Sir Henry Parkes, was an English-born poet who, after early struggles in his homeland, took his new wife to Australia in 1839 in search of a better life for the two of them. He had already shown political leanings in England and he soon took up politics in his new home, the colony of NSW, Australia. He went on to become well-known due to his unstinting efforts to unite the six existing colonies into one federation. After a life that led him to be described as “the most commanding figure in Australian politics” he sadly died five years before the federal process was completed.
He was born on the 27th May 1815 in Canley, close to the Warwickshire city of Coventry. He was the son of a tenant farmer and his upbringing was modest. He received very little education and ended up in a series of menial, lowly paid jobs and it was while working at a factory in Birmingham that he began campaigning on behalf of his fellow, mistreated workers. He found time to read though, taking an interest in British poetry. Thus inspired he wrote some of his own and dedicated a few verses to the woman who would become his first wife. He was married three times altogether.
He tried to make a go of a business venture but it failed and the couple struggled constantly to forge a happy life together. They had already lost two children when Parkes decided that they should emigrate to the new colonies of Australia. They landed in New South Wales in July 1839 and found that life here, just as it was in England, was hard. He found work though and gradually made his way up to a position in the Customs department in Sydney.
His first collection of poems was published in 1842 under the title Stolen Moments and he continued to work in Customs for another four years before he left that position to try his hand at running his own business. This was not successful though and he found himself in considerable debt, only keeping his family afloat by continuing to write poetry, usually for publication in newspapers. Politics were never off his agenda though and he began to campaign on behalf of major political issues like Federation and the ending of convict transportation to Australia.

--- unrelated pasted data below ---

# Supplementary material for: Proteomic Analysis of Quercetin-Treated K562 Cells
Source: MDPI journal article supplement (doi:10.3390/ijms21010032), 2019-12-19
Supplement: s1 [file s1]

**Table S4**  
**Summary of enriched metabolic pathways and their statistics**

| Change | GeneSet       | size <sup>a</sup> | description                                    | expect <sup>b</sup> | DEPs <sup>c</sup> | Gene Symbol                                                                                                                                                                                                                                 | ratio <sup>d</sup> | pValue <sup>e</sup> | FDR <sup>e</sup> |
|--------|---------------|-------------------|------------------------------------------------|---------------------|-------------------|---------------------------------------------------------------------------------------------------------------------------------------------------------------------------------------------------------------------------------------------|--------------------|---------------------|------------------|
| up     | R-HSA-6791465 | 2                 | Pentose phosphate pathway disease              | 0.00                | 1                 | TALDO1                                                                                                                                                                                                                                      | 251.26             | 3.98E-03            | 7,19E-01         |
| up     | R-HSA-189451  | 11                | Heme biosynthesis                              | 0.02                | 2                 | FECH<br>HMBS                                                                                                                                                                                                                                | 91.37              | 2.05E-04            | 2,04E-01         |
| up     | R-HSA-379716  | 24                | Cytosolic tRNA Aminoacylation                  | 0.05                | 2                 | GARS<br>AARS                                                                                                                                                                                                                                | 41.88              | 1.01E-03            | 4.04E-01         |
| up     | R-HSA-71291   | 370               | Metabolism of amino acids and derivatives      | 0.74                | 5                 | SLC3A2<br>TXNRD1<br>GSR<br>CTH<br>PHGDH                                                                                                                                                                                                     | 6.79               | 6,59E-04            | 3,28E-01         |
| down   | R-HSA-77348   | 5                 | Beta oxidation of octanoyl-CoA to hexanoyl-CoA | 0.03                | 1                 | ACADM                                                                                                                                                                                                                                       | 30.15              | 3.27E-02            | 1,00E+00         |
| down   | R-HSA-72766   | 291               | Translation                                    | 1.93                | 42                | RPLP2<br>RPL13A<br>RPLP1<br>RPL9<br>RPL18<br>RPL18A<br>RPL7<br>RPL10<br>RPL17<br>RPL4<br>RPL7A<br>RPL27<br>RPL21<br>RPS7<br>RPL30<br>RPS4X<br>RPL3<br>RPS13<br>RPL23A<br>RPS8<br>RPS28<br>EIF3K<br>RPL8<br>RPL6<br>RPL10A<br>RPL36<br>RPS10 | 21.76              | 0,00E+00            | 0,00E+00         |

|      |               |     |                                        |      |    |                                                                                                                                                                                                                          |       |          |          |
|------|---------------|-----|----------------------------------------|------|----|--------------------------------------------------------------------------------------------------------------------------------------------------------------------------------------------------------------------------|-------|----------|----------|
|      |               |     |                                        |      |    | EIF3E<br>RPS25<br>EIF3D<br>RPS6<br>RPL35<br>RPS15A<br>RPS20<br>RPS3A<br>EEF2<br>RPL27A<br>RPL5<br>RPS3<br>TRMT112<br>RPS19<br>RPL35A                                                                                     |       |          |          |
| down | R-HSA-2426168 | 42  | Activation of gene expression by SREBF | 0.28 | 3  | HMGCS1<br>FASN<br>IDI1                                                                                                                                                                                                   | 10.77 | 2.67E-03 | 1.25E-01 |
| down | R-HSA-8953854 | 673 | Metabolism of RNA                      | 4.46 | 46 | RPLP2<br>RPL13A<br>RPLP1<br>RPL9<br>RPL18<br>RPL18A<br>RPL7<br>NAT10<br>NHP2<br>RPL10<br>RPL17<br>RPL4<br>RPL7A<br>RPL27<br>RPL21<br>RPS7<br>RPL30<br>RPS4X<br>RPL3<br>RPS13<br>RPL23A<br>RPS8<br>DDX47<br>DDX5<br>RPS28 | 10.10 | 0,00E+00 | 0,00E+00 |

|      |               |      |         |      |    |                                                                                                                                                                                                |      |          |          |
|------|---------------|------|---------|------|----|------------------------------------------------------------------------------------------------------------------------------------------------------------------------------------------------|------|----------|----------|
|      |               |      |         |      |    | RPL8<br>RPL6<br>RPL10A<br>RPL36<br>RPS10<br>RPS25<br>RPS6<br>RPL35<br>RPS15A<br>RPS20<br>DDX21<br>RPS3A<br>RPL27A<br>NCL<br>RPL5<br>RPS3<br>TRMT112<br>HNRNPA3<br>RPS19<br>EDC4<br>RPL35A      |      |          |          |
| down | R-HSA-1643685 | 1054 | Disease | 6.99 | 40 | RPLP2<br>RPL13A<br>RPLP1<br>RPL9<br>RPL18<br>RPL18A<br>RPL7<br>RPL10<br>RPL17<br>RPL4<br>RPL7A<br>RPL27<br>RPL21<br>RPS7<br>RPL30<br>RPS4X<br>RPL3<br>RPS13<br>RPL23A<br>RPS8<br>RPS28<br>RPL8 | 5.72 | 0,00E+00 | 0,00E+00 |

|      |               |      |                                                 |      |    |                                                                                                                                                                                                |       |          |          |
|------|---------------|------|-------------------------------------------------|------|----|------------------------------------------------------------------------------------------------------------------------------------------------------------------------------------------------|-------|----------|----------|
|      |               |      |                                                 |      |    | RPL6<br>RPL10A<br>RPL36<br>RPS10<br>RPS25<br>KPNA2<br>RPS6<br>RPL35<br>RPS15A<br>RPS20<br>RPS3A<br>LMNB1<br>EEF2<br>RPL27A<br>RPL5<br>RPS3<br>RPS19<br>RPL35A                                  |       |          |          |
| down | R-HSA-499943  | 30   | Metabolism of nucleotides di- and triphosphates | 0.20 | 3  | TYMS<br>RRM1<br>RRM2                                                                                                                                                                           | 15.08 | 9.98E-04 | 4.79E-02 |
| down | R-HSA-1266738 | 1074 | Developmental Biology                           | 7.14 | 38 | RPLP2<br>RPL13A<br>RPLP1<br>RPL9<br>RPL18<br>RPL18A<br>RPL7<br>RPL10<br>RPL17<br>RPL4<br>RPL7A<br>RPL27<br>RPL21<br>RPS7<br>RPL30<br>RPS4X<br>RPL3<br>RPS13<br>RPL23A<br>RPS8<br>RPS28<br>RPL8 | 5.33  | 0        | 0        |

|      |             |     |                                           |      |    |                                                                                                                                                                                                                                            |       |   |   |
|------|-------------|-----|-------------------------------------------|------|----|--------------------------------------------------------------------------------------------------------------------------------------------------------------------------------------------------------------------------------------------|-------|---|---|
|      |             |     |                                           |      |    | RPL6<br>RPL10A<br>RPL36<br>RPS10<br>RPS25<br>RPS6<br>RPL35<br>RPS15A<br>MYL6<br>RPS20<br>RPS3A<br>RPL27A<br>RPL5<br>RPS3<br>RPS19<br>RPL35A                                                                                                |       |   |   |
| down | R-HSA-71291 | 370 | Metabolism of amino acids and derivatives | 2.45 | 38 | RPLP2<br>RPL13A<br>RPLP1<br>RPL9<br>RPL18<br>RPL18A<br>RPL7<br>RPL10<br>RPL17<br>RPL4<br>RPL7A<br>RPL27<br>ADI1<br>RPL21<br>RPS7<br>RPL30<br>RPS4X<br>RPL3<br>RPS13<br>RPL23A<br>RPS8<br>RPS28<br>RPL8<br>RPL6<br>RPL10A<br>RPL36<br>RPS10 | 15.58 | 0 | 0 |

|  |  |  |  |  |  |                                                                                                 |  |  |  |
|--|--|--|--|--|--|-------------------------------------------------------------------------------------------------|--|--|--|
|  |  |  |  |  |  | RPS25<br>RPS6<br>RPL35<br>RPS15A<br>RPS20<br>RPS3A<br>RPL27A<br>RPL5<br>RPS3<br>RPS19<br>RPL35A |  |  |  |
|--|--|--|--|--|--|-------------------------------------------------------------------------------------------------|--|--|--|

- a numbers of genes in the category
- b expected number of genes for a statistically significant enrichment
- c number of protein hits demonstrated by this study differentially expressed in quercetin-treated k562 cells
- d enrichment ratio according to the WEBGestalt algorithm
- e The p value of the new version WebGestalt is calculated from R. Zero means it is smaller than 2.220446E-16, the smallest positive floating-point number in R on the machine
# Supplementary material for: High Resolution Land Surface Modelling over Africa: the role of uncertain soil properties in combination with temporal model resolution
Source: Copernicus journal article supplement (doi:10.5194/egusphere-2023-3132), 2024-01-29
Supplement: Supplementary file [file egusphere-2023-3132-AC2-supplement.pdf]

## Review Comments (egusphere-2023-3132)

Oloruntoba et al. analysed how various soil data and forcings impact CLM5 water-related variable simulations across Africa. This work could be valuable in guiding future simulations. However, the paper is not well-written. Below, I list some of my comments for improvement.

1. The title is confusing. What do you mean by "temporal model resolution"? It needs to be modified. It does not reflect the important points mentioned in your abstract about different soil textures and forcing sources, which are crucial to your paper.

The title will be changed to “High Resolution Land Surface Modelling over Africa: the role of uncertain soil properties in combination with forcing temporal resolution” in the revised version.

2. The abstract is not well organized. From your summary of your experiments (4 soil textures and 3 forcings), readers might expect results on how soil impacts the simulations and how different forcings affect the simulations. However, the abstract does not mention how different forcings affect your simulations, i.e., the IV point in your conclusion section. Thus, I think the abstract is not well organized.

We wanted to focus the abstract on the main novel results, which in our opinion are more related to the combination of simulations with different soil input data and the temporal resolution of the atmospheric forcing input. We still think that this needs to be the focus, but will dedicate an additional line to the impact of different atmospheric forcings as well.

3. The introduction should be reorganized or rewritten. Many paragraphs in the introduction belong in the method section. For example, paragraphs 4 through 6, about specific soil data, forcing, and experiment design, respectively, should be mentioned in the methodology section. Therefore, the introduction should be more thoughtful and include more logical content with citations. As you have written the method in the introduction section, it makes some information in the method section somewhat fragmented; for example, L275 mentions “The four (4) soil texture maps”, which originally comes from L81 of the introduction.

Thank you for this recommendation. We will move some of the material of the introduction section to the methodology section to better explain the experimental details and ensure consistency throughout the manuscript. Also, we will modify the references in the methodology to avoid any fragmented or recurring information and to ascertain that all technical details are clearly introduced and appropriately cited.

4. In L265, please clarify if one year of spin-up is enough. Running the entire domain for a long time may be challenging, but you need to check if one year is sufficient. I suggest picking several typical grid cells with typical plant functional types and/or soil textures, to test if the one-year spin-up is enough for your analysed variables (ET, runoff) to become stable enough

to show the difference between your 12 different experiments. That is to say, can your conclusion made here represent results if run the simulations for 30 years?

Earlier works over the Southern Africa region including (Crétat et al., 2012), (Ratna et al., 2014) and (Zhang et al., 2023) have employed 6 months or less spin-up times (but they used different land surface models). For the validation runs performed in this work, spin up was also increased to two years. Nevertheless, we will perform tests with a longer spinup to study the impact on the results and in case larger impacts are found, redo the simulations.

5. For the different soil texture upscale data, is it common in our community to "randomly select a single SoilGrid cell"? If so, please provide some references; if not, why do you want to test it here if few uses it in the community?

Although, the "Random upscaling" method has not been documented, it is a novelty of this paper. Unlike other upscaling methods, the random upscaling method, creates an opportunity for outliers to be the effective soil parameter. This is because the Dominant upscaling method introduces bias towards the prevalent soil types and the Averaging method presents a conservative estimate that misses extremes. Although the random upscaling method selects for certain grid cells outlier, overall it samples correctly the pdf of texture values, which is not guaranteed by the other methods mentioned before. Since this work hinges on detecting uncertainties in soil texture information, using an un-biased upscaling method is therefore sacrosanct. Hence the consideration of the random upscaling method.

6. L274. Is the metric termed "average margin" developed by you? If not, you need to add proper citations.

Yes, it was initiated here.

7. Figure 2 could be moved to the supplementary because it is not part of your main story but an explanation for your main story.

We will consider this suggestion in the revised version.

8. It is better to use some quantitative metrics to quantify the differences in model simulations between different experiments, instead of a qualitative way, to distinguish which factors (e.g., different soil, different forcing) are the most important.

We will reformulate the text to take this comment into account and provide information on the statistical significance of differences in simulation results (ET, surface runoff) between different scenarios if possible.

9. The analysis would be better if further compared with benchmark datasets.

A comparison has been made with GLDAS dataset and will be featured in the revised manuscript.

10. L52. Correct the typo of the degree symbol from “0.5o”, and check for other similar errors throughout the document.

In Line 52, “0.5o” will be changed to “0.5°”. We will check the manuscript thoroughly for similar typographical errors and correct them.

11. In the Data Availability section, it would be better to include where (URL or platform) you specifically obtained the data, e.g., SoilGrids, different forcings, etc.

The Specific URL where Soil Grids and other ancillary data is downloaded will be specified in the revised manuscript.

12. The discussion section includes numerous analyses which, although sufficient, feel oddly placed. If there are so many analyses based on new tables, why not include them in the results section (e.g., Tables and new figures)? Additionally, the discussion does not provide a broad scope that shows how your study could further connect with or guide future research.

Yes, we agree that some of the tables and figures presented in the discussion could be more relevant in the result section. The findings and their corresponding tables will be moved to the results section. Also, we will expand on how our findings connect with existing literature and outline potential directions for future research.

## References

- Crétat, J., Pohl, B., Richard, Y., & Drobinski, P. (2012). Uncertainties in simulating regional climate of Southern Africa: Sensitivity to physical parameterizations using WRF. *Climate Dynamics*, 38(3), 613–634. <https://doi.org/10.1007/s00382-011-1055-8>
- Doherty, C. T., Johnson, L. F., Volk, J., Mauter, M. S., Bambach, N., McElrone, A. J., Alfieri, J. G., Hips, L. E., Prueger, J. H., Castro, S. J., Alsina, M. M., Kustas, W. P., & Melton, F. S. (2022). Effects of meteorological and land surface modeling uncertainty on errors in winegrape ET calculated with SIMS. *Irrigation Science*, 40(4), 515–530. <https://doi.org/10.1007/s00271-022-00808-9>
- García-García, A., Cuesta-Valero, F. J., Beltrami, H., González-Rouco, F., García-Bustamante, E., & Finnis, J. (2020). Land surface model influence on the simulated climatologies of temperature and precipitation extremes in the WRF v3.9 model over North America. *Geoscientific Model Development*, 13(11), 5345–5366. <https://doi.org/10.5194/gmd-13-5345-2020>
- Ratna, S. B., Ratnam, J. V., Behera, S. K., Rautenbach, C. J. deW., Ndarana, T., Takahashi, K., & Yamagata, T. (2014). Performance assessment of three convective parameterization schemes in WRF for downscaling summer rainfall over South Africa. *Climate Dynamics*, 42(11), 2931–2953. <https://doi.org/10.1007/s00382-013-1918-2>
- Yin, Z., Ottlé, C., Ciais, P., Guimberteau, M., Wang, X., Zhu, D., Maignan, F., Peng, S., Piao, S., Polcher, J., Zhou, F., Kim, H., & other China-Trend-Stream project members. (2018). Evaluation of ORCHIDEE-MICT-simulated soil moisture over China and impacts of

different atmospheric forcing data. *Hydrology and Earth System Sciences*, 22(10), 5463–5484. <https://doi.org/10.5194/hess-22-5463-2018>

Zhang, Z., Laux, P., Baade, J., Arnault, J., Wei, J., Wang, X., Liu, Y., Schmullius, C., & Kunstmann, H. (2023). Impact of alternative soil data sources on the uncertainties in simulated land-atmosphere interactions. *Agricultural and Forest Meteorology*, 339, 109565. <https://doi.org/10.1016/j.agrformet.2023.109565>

Parkes found a voice in his own newspaper, called the Empire, where he attacked vehemently the colonial government and individuals in it such as Governor Charles Augustus FitzRoy. He was eventually elected to the Sydney Legislative Council but he struggled with debts, both personal and those of the newspaper. He constantly tried to juggle his responsibilities before eventually giving up the newspaper and standing for parliament in 1859. He was elected as member for East Sydney.
Parkes made steady progress in politics, despite often being burdened with debts. His great ambition to see an Australian Federation was his driving force and it was sad that he did not live to see that come to fruition. He somehow found the time to write a great deal of poetry, and he produced six separate volumes. They were published over a period of 53 years, beginning with Stolen Moments in 1842 and ending with Sonnets and Other Verses in 1895. It could never be described as great poetry but some of it was deemed worthy of inclusion in anthologies of Australian poetry.
Perhaps a reflection of the many struggles that he had faced in lifetime, he wrote a poem called Weary and it is reproduced here:
Sir Henry Parkes died on the 27th April 1896 at the age of 80.